Monday, October 17, 2011

Marvelous Middle Grade Monday: Zora and Me

Over the summer I participated in a reading diverse challenge, and one of the books I read was Zora and Me, published in 2010. As a lover of middle grade books, especially those with a historical twist, this book drew me in simply because it is those two things. But Victoria Bond and T.R. Simon not only weave a fictionalized story arising from Zora Neale Hurston's childhood, but they place readers into the time and place of Zora's childhood. That place is Eatonville, Florida, the United States' first incorporated black township. A place where black inferiority had no place. This story is told through the eyes of Zora's friend Carrie, and we see how turn-of-the-century views affect growing up and living at this time and how they are part of the fabric of who we are today.

The premise: A young black man named Ivory, who is not from Eatonville, is murdered near Eatonville. Zora thinks she knows what happened and tells her story to anyone willing to listen. Her story is tied to a man she says is half-gator and prowls the near-by marshes, searching for prey. When Zora, Carrie, and their friend Teddy walk into the truth of the murder, however, they discover that truth is more brutal and ugly than the story Zora imagined.

What keeps readers reading: A web of lies that unravels. As Zora, Carrie, and Teddy investigate this murder and try to find the gator man, they encounter life outside their beautiful, safe little town. And what they find is racial divide. A coming-of-age story, Zora and Me melds all things great in middle grade fiction - a solid plot, characters who certainly are characters, and a setting you sit in - all while giving readers a look into who we are and from where we have come.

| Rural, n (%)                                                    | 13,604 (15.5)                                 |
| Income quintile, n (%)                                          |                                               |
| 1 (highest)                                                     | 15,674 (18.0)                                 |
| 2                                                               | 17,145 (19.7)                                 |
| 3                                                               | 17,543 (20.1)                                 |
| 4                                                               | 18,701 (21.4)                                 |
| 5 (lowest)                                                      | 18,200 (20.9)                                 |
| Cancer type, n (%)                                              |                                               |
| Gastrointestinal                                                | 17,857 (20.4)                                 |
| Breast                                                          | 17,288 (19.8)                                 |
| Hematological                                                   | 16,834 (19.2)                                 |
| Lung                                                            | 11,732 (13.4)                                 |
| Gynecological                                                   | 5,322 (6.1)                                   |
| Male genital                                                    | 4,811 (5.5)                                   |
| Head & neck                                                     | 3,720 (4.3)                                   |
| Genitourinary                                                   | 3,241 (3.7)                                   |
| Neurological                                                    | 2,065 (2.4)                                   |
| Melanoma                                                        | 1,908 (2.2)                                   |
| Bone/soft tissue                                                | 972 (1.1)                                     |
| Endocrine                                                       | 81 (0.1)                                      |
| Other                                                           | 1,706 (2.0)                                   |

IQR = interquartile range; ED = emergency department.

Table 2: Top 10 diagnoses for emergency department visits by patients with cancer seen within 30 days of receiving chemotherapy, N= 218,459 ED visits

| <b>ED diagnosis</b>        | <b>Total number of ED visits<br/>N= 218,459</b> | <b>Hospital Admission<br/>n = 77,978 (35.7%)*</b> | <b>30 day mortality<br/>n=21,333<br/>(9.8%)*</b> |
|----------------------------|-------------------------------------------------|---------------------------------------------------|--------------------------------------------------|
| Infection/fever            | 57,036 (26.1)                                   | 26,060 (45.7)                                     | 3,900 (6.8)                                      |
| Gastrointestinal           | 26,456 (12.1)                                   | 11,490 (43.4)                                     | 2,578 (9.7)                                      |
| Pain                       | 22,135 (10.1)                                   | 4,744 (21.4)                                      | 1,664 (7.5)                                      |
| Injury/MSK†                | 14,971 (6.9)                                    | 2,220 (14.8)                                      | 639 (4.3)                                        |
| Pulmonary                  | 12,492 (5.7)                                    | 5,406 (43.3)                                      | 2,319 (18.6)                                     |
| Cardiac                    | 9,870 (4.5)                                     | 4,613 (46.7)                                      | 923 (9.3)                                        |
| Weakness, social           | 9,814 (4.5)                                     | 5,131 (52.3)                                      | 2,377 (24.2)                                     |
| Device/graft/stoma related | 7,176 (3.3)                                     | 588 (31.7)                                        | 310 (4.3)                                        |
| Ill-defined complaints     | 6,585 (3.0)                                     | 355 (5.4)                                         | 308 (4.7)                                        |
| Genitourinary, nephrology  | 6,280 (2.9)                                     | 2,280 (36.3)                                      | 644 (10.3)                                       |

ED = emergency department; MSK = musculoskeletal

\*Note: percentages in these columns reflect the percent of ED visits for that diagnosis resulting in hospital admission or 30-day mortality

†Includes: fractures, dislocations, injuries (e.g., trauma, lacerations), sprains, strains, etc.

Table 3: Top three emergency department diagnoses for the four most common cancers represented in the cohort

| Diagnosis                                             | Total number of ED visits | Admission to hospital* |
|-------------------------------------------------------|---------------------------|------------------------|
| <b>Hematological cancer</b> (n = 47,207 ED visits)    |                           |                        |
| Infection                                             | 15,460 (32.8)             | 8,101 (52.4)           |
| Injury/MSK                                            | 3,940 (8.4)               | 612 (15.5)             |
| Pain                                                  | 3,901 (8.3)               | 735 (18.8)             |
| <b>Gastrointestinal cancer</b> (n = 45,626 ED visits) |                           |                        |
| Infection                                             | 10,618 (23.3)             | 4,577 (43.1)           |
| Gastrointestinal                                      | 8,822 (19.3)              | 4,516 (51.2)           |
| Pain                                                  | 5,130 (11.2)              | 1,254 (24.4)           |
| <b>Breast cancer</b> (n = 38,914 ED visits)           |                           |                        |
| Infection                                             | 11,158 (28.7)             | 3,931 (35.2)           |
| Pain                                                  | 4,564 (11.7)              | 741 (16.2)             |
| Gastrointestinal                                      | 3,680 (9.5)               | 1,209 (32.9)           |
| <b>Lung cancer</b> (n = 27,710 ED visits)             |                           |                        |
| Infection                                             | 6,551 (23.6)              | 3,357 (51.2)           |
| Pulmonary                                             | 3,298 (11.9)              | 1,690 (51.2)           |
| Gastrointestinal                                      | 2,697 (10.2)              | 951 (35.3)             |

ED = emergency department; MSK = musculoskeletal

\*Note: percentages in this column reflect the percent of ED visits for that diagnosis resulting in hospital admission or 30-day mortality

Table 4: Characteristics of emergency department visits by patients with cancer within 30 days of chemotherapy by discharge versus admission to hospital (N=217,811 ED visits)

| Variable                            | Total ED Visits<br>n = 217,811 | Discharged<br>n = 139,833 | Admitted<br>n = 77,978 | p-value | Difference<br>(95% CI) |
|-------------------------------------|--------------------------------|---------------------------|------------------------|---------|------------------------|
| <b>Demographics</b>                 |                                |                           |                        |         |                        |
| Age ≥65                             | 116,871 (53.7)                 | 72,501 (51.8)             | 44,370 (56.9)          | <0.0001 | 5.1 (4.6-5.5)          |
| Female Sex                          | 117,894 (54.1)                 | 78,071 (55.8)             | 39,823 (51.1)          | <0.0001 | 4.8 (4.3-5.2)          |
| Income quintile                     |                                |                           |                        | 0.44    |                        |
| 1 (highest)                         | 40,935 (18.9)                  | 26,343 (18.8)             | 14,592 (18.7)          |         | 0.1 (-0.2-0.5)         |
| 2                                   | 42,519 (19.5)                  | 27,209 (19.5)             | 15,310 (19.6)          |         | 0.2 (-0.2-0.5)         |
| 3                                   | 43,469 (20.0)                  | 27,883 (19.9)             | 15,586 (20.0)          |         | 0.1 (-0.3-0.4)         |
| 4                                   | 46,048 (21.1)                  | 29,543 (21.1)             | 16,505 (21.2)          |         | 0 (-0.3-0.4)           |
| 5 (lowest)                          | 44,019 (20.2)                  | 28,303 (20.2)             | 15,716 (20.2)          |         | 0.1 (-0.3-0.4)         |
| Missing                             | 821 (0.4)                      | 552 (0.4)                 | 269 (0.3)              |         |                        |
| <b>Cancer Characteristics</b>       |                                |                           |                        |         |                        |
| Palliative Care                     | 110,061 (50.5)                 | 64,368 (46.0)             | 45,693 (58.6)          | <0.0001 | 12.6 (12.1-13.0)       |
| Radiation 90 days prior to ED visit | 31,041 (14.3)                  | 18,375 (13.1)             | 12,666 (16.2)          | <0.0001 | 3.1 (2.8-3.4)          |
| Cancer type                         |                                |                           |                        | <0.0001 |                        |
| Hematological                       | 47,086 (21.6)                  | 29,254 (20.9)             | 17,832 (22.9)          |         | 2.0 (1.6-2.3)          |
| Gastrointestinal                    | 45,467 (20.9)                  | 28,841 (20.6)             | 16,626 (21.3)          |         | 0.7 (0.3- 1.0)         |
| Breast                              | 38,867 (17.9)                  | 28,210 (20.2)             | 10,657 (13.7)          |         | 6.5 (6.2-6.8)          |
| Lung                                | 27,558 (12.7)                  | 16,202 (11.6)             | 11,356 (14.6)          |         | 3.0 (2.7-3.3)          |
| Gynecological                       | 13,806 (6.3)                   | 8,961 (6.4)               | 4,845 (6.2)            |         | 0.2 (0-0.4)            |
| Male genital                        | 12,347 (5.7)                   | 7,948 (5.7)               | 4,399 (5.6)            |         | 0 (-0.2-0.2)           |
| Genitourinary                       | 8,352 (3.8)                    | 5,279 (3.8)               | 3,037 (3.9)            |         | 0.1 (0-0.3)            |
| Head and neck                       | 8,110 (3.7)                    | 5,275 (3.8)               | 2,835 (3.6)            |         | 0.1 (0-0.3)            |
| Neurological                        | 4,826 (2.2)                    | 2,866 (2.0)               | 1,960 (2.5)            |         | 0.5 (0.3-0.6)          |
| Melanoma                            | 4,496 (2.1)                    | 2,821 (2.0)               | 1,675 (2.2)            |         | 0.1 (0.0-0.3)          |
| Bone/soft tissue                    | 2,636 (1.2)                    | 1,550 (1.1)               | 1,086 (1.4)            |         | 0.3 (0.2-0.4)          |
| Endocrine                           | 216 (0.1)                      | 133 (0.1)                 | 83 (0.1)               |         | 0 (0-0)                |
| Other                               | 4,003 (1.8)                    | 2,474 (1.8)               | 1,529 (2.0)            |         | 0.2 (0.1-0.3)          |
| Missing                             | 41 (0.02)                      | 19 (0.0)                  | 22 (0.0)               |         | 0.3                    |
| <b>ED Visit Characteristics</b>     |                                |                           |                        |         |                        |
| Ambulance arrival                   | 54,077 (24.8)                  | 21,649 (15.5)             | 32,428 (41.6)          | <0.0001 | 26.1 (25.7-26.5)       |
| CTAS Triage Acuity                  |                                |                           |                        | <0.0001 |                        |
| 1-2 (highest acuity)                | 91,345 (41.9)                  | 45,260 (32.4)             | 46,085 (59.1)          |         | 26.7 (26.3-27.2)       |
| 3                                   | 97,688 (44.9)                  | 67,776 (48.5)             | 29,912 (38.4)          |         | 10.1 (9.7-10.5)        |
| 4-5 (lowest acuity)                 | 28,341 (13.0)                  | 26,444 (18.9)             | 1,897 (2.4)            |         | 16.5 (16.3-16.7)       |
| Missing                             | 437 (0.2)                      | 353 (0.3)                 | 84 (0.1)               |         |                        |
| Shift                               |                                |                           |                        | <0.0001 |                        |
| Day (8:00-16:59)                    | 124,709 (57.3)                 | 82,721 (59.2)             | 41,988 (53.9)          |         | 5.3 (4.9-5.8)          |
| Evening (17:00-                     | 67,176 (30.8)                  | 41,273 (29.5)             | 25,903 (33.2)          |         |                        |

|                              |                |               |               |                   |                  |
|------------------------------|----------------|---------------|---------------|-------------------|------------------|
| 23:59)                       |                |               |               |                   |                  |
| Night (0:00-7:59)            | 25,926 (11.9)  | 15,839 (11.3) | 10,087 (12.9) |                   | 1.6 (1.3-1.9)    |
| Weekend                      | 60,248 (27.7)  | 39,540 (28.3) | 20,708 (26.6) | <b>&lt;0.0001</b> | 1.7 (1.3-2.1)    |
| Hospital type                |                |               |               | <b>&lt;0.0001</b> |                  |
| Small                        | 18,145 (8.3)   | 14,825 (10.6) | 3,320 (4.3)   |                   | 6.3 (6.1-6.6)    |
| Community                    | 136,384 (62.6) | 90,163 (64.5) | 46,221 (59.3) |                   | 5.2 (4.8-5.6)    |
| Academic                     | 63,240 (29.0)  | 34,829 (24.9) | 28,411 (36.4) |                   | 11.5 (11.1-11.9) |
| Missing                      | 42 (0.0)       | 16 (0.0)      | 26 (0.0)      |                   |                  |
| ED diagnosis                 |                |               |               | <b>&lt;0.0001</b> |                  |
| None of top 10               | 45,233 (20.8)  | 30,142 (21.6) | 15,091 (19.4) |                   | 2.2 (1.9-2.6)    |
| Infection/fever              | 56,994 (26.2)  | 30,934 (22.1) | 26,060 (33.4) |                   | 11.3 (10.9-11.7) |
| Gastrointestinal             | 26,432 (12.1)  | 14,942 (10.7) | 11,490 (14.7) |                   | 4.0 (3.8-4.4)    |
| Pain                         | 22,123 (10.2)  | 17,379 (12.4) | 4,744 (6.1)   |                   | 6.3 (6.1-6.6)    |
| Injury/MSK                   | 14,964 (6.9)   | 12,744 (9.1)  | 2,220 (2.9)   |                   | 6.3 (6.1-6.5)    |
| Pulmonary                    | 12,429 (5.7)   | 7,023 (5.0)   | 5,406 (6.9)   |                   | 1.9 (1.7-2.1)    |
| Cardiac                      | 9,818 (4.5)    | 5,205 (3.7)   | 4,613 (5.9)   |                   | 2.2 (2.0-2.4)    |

Other MMGMers and their choices this week:
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Happy middle grade reading!   

16 comments:

  1. Wow! This sounds like a great book and I never heard of it. Thanks for reviewing it.

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  2. Oooh. A web of lies that unravels. Intriguing, that.

    I've heard of this, of course, even shelved it a few times, but have yet to actually pick it up and read it. Thanks for the recommendation!

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  3. I'm saving this even though it doesn't seem like it has any magic in it, I like the premise. Thanks for sharing.

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  4. I love spreading word about a book people haven't heard about or saw but didn't pick up.

    Akoss, what Zora thinks she saw gives the book a bit of a fantasy flair. It's a unique bend.

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  5. MG, history, and mystery. Now there's a winning combination!

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  6. Thanks for the recommendation, Barbara!

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  7. Thanks for the recommendation! Sounds like an intriguing book.

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  8. I read and reviewed this a while ago and totally loved it. It even inspired me to try my hand at historical fiction. The book was delightful! I thought it was interesting how Zora Hurston's family endorsed this book.

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  9. Interesting they created a fictional story about Zora Neale Hurston's childhood. I'm intimidated to write historical fiction, but I'll definitely read and recommend HF to others.

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  10. It's a cool read. Pam, I'm gonna look up your review; I missed that one.

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  11. Barbara, what a great review. I really appreciate what you are doing here; I am a YA writer/high school teacher so I don't hear as much as I would like to about MG. This is awesome.

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  12. Having Hurston as the protagonist in a book sounds amazing!

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  13. Oh, I *love* Middle-Grade Mondays! I keep meaning to jump in and do Monday reviews, too, and my life is just too sporadic and nutso lately. :-)

    So nice to meet you, Barbara!!! Thanks for finding me!

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  14. It's still Monday, at least in my brain--this is a great-sounding book.

    I'll have a bunch of historical fiction to share after the Cybils, Barbara. I am really quite surprised at how much historical was published last year!

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  15. This sounds excellent. Very much looking forward to reading it now so added it to the TBR's! Thanks!

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